President Trump’s mandate to offer a deferral on payroll taxes may be intended to provide relief for employers and workers that are struggling financially due to the COVID-19 pandemic, but it could wind up having a detrimental effect on those same entities in the end. Those who accept the offer (which is not an offer at all, but a requirement when it comes to government employees who make less than $104,000 a year) could opt to stop paying their 6.5% payroll tax from this month through the end of the year—then have to make up the difference by paying at a rate of 13% in the first quarter of 2021. It’s a risky proposition that assumes a dramatic turnaround in business conditions over the coming months. It’s unclear what will happen if an entity takes the offer then simply can’t afford to pay back the owed money. We could see at-risk urgent care operators go out of business. On the other hand, companies that do not take the offer would in effect be penalized if their competitors take the offer and then have their obligation forgiven because they can’t make good. And what happens if an individual employee leaves their job on December 31 after 4 months of not having those taxes withheld? For more context, details, and insights into the potential benefits and risks of the program, check out an article entitled Employee Payroll Tax Deferral—Is It Workable? on the website of the American Institute of CPAs.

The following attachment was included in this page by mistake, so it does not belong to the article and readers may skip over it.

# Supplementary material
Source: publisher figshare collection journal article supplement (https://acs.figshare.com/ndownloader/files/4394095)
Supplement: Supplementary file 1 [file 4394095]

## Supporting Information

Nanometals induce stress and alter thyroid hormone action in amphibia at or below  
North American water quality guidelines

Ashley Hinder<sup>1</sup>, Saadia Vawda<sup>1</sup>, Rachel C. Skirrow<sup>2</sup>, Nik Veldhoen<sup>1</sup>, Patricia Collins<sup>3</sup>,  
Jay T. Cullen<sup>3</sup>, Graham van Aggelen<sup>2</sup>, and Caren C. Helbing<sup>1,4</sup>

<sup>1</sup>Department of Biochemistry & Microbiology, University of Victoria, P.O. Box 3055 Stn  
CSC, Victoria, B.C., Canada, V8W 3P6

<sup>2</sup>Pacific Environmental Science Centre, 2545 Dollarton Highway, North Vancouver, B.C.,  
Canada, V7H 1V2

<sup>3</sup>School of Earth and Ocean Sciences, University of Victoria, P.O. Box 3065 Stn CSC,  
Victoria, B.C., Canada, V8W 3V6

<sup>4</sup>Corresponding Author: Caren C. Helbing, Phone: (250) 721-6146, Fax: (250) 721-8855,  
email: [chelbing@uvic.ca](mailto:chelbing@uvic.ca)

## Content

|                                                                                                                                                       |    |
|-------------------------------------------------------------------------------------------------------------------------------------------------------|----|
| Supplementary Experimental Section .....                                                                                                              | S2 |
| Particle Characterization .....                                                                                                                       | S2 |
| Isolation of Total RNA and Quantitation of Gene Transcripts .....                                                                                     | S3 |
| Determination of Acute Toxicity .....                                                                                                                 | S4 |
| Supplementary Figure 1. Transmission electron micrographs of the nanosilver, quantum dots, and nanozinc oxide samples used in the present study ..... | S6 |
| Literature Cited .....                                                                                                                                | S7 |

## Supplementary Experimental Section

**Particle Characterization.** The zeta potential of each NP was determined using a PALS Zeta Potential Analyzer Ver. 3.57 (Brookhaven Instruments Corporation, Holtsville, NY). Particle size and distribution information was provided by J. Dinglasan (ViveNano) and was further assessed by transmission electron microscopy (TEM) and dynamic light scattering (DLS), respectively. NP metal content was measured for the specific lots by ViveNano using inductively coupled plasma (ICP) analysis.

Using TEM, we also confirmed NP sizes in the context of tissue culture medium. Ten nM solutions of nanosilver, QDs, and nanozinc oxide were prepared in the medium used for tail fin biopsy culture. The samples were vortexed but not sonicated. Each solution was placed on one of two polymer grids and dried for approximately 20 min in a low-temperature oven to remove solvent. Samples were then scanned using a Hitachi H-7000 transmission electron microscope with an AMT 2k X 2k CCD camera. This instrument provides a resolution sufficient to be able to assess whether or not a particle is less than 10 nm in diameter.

Payroll Tax Deferral Could Land Hard on Urgent Care Employers
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